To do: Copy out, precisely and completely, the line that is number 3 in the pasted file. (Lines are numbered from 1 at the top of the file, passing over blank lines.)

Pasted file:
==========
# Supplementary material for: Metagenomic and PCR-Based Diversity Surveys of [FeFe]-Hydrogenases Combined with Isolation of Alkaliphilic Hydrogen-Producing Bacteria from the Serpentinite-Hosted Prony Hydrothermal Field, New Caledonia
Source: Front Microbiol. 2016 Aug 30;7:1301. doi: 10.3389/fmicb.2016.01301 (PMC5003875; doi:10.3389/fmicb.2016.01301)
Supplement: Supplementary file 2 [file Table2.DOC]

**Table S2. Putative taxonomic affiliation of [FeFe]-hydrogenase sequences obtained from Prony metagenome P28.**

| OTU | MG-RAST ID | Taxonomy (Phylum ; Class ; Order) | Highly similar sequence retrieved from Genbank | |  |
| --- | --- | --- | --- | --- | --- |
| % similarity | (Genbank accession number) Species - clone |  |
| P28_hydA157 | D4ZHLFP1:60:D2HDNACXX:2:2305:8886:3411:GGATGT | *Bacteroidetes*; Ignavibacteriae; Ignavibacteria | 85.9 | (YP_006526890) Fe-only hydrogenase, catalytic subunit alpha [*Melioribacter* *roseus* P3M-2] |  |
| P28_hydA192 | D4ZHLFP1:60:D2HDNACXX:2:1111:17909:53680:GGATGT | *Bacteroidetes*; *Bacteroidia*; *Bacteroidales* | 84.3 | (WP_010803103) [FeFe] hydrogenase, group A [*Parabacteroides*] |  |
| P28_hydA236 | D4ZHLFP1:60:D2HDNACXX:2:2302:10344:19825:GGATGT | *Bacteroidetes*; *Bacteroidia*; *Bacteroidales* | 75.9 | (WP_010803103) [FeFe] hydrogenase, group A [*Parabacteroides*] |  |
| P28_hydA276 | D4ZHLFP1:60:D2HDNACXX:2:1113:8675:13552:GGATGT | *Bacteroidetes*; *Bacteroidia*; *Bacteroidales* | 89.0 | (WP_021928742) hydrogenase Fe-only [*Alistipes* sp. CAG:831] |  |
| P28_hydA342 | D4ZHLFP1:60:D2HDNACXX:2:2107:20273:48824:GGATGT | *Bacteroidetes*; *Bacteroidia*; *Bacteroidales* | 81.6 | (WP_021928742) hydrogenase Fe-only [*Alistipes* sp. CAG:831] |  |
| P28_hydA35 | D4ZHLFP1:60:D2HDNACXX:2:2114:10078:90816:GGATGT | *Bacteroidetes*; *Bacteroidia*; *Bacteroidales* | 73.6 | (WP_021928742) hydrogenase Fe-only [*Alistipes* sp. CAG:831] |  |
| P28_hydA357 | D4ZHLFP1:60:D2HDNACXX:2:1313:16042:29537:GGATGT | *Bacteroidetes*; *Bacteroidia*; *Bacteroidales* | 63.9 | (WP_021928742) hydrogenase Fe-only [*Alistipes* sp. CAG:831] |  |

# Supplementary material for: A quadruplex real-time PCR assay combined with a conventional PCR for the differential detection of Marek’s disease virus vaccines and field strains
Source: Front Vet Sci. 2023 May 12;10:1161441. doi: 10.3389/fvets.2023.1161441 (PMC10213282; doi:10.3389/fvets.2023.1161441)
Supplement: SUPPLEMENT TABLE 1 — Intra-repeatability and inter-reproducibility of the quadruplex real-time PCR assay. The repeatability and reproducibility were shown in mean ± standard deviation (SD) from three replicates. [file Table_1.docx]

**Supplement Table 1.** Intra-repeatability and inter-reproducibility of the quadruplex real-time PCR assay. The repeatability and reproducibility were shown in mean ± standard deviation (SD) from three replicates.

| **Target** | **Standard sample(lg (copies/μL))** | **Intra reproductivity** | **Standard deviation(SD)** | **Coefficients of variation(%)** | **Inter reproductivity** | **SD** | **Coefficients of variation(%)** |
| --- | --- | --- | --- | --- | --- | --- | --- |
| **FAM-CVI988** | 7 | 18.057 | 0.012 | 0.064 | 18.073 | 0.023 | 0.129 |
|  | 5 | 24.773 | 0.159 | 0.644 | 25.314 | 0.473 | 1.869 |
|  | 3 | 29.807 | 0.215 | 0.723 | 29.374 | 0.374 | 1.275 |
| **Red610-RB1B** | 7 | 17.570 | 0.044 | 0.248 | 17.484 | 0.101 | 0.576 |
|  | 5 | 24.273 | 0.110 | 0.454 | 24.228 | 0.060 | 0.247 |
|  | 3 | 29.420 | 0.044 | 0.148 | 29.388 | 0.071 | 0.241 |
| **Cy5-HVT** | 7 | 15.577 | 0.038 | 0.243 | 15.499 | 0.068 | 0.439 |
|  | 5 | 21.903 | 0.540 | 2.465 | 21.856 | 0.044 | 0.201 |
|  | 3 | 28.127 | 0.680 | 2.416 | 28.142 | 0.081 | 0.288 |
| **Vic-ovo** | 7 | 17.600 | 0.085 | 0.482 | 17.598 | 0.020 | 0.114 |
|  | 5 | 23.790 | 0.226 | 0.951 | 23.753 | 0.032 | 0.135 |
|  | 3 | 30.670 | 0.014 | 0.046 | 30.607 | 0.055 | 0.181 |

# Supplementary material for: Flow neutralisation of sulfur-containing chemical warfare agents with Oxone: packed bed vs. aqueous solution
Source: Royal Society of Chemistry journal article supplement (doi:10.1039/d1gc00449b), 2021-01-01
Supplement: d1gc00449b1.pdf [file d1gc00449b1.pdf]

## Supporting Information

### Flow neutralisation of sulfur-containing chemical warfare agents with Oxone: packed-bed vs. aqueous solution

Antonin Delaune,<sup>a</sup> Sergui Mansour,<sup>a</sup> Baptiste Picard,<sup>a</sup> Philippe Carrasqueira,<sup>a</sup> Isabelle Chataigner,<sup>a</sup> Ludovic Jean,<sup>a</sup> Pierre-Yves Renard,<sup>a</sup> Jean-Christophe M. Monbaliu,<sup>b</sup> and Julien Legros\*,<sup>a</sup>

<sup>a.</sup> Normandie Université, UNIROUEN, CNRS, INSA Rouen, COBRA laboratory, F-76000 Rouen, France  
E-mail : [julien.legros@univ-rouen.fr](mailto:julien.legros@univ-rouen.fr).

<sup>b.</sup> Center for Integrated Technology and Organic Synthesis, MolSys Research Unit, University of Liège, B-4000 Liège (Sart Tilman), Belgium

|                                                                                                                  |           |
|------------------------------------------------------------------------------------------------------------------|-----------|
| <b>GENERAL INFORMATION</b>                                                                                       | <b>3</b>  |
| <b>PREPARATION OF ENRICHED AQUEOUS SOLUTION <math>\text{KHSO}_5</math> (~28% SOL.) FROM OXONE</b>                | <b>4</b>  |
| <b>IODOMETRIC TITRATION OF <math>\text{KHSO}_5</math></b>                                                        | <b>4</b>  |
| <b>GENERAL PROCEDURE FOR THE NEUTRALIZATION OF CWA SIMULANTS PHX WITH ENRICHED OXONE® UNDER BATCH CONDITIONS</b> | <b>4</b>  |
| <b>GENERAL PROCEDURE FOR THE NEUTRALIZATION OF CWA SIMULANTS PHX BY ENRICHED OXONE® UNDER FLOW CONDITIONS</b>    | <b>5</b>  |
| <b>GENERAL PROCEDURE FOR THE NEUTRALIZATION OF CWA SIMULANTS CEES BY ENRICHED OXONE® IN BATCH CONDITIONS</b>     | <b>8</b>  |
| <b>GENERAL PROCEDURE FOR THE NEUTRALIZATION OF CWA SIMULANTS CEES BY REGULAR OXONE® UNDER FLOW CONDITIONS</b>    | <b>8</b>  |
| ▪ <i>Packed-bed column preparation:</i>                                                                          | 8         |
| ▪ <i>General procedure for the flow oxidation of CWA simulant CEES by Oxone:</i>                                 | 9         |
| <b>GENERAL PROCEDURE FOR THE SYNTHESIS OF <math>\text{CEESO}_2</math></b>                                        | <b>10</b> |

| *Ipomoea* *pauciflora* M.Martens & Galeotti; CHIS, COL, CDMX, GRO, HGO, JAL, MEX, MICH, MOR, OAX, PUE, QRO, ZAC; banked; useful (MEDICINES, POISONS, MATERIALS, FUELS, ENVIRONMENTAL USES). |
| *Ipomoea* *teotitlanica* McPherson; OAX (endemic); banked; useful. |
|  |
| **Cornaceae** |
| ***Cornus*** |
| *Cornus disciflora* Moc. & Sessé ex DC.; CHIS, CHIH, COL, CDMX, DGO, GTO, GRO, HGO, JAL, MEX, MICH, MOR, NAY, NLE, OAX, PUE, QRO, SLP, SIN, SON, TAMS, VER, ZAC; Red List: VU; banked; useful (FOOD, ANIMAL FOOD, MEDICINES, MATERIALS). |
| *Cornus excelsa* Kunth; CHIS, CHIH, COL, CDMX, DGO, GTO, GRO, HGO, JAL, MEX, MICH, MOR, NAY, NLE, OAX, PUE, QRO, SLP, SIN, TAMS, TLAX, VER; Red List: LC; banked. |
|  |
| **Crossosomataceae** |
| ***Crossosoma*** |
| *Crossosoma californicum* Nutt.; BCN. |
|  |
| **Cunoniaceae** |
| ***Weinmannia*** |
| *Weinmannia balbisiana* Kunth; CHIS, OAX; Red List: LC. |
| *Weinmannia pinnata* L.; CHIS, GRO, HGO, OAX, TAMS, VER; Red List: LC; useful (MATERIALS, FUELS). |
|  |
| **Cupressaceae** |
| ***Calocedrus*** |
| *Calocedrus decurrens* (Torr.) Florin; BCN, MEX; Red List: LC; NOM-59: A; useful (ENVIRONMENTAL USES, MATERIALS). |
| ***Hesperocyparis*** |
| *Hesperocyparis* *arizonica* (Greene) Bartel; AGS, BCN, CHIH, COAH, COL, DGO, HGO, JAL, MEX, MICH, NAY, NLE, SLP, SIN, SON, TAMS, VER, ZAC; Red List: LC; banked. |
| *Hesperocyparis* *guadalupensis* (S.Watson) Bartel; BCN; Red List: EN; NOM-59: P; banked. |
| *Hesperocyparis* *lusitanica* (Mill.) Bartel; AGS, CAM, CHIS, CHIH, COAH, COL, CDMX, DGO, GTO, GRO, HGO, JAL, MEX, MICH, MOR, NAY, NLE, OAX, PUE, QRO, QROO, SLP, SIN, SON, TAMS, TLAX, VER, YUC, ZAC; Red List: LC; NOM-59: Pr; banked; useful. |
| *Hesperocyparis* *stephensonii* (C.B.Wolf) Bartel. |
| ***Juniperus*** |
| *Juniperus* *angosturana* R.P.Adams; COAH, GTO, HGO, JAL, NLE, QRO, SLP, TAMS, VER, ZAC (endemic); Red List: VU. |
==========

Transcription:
Supplement: Supplementary file 2 [file Table2.DOC]